She sees the program as providing equal opportunities to Indian students. But Governor Wilson views affirmative action very differently.
"We cannot tolerate university policies or practices that violate fundamental fairness, trampling individual rights to create and give preference to group rights," he said on the day of the regents' vote.
Many students took issue with the governor.
"I don't even look at this program as part of affirmative action at all," said Preston Ivy, who is attending the American Indian program.
"It puts us in the game. Other, non-Indian people, they're ahead in the game," he said.
"I look at this as our right to be able to participate in education."
"There's not an exception being made," said Ms. Savage, a member of the Cherokee tribe. "It's an opportunity being offered. We will not let this program die."
On other parts of the campus, the end of affirmative action policies may not be felt at all.
The regents carefully exempted any programs that could lose federal or state funds if they stop using race or gender preferences. On the Irvine campus, about $1 of every $10 comes from the federal government.
And the UC system, with more than 163,000 students, can still aim for diversity by seeking out poor applicants, or students from rural counties, or athletes and artists -- so long as they don't consider race.
"Ethnic identity was just one of the criteria," said Ms. Wilbur, the UC Irvine admissions office director. "It was never the only criterion we were allowed to consider."
She was fresh from a long conference call on the issue with vice chancellors from the other university campuses, all of whom are trying to assess how their policies will change.
"The truth of the matter is we are just at the beginning stages of understanding what this resolution means," Ms. Wilbur said.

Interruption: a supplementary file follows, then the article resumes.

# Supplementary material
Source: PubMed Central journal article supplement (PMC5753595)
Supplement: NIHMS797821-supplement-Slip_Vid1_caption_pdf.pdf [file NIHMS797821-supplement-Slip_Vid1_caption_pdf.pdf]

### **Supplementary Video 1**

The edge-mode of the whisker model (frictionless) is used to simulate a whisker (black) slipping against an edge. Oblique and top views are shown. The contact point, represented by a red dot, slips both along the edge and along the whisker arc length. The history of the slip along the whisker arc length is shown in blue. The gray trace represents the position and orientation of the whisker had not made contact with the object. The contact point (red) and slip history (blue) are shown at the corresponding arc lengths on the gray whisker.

University of California admissions guidelines allow campuses to accept up to 60 percent of applicants on the basis of grades alone. For the other 40 percent, the admissions officers can consider other factors -- such as place of residence, poverty, disability or special talents.
Ms. Wilbur believes that if admissions officers may not consider an applicant's race, "we will not be able to achieve the same results."
The university has run the numbers. "What we have found is that it is most likely that more white and Asian students will be enrolled," Ms. Wilbur said, "and the percentages of African American and Latino students will drop."
The 30-year-old Irvine campus, in Orange County, has more than students, 2.4 percent of them black, 12 percent Hispanic and 46 percent Asian.
"Diversity is enormously important," Ms. Wilbur said. "One of the goals of a university is to prepare our students for a dynamic society where they will encounter many different ideas. They need to come in contact with people who think differently than they do."
Mr. Gomez, who oversees UC Irvine's outreach programs to elementary and high schools, said he presumes those links can continue -- so long as the university is looking for disadvantaged students in general.
It's unclear, he said, if programs such as the summer course for American Indians would be affected.
"It's a real shame," said Ms. Savage, as she sat in the Indian Institute's office, "that all that the university has stood for for 25 years, all the good things that have happened because of diversity, would be dismantled because of politics."
Governor Wilson pushed for the end of affirmative action as President Clinton declared his support for such policies.
On the campuses, students and staff say they are caught in the cross-fire. "It's all about politics," Ms. Lev said.